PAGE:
One issue that may arise for Ohio couples regarding estate planning is that one spouse may be anxious to do so while the other spouse might be resistant. That resistant spouse may not realize that dying intestate could mean stepchildren, step-grandchildren or others whom the spouse would want to receive assets might get nothing.
However, even if pointing these facts out is unsuccessful, there are other steps people can take. For example, they can learn as much as possible about their joint assets and their spouse's individual assets. By having a complete list of that spouse's investments, policies and other accounts and how to access them, an individual may be better prepared if they survive that spouse and become the executor of their estate.
People can also take steps to create an estate plan independently of their spouse although it will be limited. Their estate plan does not affect any assets that are jointly held, but an individual can create a will or a trust for any individually held property. They can also make preparations in case they become incapacitated including a power of attorney to appoint someone to handle their financial affairs and documentation dealing with health care wishes.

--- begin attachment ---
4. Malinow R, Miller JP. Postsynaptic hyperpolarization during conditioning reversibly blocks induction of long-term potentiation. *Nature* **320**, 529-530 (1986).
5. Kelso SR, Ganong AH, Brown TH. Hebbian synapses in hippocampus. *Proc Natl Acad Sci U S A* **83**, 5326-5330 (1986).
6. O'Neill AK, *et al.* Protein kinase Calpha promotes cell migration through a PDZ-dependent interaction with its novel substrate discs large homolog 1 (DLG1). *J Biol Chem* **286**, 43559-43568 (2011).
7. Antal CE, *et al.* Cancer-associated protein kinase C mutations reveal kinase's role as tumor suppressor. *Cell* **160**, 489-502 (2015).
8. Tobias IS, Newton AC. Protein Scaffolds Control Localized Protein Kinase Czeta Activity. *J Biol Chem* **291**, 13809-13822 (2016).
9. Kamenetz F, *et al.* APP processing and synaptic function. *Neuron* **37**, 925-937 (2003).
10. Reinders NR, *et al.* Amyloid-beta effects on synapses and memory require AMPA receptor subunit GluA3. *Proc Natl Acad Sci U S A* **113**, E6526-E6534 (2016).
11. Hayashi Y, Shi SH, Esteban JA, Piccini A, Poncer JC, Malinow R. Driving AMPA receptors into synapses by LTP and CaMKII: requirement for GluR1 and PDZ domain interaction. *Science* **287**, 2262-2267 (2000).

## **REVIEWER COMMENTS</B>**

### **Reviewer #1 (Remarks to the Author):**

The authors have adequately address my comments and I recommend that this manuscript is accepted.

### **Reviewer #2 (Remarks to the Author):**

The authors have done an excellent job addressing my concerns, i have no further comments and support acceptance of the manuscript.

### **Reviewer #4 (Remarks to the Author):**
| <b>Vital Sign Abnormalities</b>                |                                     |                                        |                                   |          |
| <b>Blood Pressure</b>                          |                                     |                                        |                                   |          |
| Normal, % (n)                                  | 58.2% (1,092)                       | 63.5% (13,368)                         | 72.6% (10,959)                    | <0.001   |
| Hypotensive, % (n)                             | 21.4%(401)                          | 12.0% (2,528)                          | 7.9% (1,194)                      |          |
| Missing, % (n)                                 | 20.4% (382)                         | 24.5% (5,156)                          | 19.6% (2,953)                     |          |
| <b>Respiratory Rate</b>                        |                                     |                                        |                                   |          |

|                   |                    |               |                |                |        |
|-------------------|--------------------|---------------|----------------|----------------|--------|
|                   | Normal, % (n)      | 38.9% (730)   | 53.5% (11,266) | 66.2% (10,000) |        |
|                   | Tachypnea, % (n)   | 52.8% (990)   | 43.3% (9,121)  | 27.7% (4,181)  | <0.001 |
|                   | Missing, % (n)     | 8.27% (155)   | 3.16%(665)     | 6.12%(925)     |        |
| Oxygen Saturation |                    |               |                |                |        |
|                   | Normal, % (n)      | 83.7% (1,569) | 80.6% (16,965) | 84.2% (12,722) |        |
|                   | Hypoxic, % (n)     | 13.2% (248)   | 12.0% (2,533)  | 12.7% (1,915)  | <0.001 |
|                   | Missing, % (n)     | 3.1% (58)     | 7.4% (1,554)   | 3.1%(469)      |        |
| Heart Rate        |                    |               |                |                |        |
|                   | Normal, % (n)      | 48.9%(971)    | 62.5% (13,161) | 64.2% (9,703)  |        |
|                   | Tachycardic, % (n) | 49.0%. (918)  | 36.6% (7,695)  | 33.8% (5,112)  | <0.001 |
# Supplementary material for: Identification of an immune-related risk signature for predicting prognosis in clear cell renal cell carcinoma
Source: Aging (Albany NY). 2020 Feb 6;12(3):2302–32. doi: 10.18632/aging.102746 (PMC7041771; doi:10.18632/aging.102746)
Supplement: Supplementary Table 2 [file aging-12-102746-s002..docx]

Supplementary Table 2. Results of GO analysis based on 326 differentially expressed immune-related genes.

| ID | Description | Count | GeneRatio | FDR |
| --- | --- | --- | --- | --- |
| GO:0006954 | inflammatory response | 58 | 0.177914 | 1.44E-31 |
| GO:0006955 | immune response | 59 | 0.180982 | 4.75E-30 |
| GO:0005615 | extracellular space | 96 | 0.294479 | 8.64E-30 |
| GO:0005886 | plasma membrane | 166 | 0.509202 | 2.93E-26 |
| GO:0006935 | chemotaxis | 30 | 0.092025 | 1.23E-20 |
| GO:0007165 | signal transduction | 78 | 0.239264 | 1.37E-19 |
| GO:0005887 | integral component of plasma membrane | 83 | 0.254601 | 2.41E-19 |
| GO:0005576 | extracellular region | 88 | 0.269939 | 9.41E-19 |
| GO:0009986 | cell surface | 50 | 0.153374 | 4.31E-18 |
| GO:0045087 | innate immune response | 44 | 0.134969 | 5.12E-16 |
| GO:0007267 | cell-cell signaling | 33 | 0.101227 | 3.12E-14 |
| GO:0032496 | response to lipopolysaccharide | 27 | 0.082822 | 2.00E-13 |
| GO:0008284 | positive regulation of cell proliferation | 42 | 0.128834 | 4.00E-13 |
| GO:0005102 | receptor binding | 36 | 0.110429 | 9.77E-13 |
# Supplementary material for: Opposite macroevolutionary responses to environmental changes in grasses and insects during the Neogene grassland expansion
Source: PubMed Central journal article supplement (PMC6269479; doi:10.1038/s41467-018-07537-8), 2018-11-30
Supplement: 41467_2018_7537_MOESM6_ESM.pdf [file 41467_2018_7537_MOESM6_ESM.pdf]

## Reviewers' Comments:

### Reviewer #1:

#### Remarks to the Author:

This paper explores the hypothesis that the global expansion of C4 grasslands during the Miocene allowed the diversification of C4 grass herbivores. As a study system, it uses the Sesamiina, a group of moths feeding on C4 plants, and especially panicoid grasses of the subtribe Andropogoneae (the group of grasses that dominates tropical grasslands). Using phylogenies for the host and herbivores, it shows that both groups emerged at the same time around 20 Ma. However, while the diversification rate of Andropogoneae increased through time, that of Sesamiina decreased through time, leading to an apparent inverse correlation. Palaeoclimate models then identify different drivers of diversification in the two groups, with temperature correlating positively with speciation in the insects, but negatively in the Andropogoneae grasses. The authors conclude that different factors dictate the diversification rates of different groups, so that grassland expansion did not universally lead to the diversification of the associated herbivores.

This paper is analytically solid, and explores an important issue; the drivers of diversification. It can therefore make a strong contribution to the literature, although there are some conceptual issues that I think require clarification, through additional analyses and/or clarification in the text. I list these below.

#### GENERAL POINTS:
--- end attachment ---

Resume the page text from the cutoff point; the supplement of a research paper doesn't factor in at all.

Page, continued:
Some people might not realize how many tools are available to customize an estate plan to their needs, and this knowledge might also persuade an individual who is reluctant to begin working on an estate plan. For example, if there is a loved one who is disable, a special needs trust can be set up that will not interfere with eligibility for government assistance. People may want to create a will that appoints guardians for their minor children or talk to an attorney about how their estate planning can reduce the amount of taxes their beneficiaries will pay.